Was Wagner an anti-semite? Probably, but then so too were most people at that time and place. If you read Shakespeare and Ivanhoe, their depiction of Jews are shockingly anti-Semitic when looked at through our modern cultural sensibilities. Does this excuse racist beliefs? Of course not, but there is not reason to believe that Wagner was particularly worse than anyone else at the time. It's just that Nazis used to play his music at concentration camps, so the mental and emotional association is natural, as is Israel's decision to not play his music.
 

andrew markworthy

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Just for the record, Wagner was considerably worse than many at the time and furthermore should have had the intelligence to know that what he was doing was fundamentally wrong. He is a prime example of the adage that the deadliest poisons are distilled from flowers rather than weeds. For anyone who thinks that Wagnerian culture was a relatively harmless thing which just happened to get appropriated by the Nazis, try reading a history of Germany, such as 'The Third Reich' by Michael Burleigh.
 

Terrell

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Which, I suppose, is why everytime I try to read a fantasy novel written in the last 50 years I give up in short order as it just seems like a Rings ripoff.
I do assume that you know there were works of fantasy and fairy tale that came well before LOTR. Tolkien has had a major influence on fantasy, no doubt. I would call Tolkien the father of modern fantasy.
 

Tom Ryan

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I find it astonishing that someone could be ignorant of the existence of LOTR. John, I recommend you read the book immediately
. No quibbling, just read.
-Tom
 

Inspector Hammer!

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Why oh why did you have to revive this thread!?

Seriously though, I am somewhat embarrased by it now. I started it in August of last year, and since then i've gained a much better understanding of this amazing story, still havn't had time to read the books, but I intend to when I get a chance.
I saw the film and thought it was absolutly amazing filmmaking, right up their with 'Star Wars'. This thread really kinda irks me because it forces me to try to think why the hell I had never heard of this story growing up!?
What went wrong? Was I just in the wrong places at the wrong times and not heard it? Why didn't I ever even hear of it? Why didn't my teachers in school make us read the books, or at least makes us fammilliar with Tolkien?
Well, it's almost a year later and I do get it more now, and as I said, I intend to read the books as soon as I can.
 

Chris Lynch

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And since the thread did get dredged up again, I'll take the opportunity to mention that TIME Magazine did a retrospective story about 3 or 4 years ago on L. Frank Baum, in which it is reported that the Gold/Silver Standard Allegory associated with The Wizard of Oz is complete nonsense, it was invented later by others.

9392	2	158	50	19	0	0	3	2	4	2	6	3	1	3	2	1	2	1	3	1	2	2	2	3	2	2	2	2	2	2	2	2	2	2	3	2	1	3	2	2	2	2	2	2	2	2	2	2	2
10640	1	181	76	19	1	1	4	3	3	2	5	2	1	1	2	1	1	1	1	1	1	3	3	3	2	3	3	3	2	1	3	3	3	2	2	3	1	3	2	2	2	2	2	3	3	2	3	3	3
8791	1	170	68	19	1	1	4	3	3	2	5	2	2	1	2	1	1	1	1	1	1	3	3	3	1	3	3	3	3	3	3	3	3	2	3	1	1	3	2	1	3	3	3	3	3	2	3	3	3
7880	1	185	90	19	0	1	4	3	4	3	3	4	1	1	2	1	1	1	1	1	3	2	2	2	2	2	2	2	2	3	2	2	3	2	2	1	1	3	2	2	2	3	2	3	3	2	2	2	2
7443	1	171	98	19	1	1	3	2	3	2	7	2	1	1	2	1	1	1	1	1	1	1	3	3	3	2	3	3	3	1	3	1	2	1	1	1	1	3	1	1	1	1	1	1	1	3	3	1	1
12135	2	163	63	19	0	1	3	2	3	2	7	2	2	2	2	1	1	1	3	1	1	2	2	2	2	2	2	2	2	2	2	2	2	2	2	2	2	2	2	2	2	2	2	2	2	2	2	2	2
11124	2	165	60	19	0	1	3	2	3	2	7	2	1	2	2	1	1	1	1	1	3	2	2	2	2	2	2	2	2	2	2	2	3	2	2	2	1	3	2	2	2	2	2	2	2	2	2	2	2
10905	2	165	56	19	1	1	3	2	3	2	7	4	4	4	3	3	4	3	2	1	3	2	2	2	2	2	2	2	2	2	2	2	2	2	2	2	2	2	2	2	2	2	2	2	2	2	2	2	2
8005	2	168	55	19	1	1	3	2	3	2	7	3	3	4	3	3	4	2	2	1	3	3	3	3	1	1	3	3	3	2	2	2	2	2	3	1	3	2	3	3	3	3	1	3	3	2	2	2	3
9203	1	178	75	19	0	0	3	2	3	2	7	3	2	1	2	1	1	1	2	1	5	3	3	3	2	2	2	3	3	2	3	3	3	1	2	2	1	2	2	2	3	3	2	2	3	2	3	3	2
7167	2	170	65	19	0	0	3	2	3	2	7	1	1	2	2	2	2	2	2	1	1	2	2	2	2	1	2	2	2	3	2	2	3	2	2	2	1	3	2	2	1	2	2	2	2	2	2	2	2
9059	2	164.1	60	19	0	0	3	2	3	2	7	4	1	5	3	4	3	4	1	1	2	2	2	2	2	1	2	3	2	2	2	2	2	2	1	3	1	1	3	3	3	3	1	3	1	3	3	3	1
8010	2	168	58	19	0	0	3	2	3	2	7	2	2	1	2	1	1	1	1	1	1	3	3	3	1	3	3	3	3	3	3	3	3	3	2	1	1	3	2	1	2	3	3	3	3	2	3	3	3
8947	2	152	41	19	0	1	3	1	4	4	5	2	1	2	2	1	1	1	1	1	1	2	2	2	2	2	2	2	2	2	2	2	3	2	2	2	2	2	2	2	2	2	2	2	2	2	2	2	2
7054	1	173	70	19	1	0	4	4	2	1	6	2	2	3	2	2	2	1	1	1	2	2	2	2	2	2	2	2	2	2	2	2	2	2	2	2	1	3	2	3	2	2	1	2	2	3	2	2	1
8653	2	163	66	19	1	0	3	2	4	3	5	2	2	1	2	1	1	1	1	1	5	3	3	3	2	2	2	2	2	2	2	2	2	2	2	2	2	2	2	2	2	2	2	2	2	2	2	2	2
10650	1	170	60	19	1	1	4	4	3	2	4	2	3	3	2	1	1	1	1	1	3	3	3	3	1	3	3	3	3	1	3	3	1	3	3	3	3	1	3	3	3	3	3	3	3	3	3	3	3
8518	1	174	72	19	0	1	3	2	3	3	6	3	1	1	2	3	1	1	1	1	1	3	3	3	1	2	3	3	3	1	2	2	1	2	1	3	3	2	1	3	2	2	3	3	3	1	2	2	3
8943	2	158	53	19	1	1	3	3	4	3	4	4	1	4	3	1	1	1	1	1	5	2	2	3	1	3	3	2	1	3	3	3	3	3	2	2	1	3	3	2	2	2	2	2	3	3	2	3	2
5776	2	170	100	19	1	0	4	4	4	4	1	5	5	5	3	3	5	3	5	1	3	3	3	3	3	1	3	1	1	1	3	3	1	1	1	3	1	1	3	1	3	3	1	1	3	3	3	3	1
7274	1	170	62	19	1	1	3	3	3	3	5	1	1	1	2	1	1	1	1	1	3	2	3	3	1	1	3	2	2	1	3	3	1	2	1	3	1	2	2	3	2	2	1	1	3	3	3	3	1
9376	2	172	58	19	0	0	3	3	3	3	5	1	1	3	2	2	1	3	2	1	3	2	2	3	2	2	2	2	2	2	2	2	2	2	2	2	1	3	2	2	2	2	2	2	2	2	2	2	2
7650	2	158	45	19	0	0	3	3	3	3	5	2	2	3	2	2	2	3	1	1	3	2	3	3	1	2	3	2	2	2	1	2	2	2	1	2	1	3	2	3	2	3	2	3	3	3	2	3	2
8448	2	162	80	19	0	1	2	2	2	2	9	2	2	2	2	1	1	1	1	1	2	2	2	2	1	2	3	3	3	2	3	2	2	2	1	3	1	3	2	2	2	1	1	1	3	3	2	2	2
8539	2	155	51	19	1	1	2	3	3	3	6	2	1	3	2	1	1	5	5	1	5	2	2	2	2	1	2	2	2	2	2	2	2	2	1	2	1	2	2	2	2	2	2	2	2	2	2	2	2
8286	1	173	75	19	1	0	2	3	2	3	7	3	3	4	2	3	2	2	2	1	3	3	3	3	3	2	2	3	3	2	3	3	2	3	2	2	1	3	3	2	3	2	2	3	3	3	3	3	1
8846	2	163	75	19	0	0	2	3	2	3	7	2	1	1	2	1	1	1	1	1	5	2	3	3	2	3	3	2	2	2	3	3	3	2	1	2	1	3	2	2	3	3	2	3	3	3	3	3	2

Art Martinez

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The amazing thing is that LOTR (pre-movie) seems to owe a lot of it's popularity to word of mouth and recommendations. I graduated high school in 1995 and I took 3 years of AP English. (Advanced Placement) Each year we were given a list of about 100 works of literature that we were told would be helpful in knowing for college courses. Tolkien was never on the recommended reading list for any of my AP English classes.

While LOTR has been a popular story for half a century, it has achieved this status without the aid of it being considered a classic in educational circles. For every writer that calls LOTR a modern epic, there is another that calls it fantasy dribble. (Though any book that has sold 100 million copies world wide has to be important on some level. IMO)

So to make a long story longer it does not surprise me that you had not heard of LOTR, John. Back in 1987 my parents bought a VCR. (VCR... Art shudders at the thought) The first movies they rented for me were The Goonies, and the Rankin/Bass version of the The Hobbit. After I saw the animated version of The Hobbit I learned that there were books of the movie that took the story further. Without that chance rental it might have been some time, before finding the books.

So even though Tolkien still receives mixed reviews as to the placement of LOTR on the list of best works of literature, I think that Tolkien said it best himself, "All that is gold does not glitter."
 

Tom Ryan

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Art, I think that LOTR is and should be easily recognizable because it's so popular, not because it made it into critical or educational lists. The books that make up LOTR have sold over 100 million copies worldwide, quite a phenomenon.

-Tom
 

Terrell

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John, don't feel bad. I hadn't heard of LOTR until I was in college. None of my high school or college professors ever mentioned Tolkien or LOTR either. They are most certainly popular on a mass level. But they were not something I was required to read either. I'm trying to read them now, but I'm not off to a good start.
 

Chris Lynch

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I was lucky enough to have a mother who was a BIG Tolkien fan. I was raised on those stories.
Plus, I am a pretty big geek.